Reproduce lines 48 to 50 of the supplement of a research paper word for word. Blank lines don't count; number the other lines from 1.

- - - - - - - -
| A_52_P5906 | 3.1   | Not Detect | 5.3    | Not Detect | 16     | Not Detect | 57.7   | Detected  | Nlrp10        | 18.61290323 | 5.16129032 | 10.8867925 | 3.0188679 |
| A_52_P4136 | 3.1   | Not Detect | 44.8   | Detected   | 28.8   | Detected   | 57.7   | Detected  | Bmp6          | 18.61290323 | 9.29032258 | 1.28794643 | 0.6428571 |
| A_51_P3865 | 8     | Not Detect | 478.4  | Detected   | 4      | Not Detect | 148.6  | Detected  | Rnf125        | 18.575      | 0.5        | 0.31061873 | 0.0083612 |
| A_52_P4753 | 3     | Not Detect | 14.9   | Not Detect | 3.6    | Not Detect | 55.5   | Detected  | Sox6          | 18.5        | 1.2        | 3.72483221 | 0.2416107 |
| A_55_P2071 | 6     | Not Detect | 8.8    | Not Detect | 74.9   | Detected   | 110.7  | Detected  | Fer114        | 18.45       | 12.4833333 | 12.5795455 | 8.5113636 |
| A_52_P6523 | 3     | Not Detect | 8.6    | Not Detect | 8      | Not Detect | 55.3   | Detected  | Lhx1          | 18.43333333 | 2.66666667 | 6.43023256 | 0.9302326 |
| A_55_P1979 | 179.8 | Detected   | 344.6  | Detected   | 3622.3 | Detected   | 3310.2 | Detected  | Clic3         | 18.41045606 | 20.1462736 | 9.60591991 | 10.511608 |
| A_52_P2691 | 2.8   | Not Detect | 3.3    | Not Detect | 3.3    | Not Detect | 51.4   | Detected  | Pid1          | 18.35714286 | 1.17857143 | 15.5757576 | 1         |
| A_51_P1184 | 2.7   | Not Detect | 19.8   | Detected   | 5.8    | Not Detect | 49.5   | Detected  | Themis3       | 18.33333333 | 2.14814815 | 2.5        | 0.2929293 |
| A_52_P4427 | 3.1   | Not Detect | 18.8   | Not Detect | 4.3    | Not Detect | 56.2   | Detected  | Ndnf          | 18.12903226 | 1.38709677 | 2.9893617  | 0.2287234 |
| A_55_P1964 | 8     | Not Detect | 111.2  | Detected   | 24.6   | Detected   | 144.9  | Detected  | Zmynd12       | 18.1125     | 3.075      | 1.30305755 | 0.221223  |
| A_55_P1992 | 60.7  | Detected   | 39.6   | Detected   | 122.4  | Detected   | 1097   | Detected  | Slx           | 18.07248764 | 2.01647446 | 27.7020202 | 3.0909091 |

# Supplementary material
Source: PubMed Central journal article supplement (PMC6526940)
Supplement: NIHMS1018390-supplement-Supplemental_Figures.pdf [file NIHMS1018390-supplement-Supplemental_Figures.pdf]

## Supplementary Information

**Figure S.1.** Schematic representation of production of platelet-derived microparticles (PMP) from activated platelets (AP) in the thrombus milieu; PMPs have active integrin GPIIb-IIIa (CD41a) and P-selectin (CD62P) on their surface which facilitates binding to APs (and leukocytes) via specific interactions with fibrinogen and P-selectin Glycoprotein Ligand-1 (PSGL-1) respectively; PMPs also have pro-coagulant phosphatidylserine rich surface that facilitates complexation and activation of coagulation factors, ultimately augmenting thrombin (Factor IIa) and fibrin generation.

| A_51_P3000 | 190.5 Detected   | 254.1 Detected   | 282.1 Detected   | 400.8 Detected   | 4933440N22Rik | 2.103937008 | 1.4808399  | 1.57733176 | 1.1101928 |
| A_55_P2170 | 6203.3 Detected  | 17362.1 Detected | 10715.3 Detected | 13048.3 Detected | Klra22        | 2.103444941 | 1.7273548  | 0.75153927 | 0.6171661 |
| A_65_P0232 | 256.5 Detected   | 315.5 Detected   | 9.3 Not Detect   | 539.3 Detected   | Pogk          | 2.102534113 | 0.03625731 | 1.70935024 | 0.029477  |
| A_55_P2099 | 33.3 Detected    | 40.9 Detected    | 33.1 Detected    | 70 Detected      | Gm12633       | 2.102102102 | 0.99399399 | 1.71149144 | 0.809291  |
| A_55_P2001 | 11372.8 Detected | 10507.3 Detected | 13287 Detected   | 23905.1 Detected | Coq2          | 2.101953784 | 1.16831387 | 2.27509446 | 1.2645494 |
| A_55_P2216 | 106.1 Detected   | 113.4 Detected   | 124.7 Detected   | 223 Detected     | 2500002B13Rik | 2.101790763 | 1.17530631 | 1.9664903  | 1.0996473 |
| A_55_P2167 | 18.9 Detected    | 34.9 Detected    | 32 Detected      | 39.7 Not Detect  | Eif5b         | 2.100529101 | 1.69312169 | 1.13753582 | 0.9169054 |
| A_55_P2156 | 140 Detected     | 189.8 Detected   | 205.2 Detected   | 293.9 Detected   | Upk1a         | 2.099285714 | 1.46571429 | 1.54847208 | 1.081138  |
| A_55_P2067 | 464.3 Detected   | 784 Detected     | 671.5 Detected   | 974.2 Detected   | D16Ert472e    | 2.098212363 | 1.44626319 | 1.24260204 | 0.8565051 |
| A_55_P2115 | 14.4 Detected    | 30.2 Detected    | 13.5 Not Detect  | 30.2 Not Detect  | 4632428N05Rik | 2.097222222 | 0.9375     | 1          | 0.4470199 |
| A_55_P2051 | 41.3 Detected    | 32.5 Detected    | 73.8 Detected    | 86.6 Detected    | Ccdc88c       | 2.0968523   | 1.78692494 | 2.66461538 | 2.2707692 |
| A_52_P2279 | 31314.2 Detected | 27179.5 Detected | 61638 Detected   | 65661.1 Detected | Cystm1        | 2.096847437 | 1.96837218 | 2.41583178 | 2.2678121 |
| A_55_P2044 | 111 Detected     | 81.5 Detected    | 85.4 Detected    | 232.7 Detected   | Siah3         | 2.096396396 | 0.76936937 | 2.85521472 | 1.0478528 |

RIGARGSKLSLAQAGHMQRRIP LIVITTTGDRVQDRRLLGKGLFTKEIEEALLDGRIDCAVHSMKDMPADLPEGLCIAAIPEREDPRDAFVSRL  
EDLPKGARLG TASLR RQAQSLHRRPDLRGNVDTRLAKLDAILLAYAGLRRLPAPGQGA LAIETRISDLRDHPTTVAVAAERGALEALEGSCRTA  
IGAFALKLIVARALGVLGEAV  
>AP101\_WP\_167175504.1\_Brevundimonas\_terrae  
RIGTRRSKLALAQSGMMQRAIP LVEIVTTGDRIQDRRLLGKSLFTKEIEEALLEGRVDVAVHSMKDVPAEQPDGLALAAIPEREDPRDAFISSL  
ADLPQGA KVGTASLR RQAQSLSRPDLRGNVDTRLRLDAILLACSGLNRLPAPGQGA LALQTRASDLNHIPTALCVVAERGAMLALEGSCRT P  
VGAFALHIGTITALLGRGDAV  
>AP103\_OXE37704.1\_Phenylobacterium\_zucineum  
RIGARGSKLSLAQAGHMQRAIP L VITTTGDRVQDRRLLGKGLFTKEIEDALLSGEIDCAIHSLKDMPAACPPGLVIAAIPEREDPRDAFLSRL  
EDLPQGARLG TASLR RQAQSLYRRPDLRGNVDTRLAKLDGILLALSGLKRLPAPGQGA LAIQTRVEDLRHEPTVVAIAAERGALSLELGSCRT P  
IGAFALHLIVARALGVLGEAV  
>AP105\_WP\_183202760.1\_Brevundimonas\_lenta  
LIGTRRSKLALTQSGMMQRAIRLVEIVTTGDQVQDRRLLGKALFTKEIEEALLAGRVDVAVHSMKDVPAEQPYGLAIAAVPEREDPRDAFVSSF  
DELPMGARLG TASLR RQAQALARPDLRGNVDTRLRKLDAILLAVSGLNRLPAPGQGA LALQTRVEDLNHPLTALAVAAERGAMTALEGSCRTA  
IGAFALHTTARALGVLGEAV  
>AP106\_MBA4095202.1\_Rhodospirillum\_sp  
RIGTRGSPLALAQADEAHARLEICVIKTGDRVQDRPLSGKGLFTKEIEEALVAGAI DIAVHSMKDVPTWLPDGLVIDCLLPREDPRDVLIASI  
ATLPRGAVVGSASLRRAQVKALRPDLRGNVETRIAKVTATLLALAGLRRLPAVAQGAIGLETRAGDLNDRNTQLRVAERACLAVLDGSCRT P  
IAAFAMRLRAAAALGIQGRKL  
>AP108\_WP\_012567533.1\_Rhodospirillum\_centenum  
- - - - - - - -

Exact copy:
ATLPRGAVVGSASLRRAQVKALRPDLRGNVETRIAKVTATLLALAGLRRLPAVAQGAIGLETRAGDLNDRNTQLRVAERACLAVLDGSCRT P  
IAAFAMRLRAAAALGIQGRKL  
>AP108\_WP\_012567533.1\_Rhodospirillum\_centenum  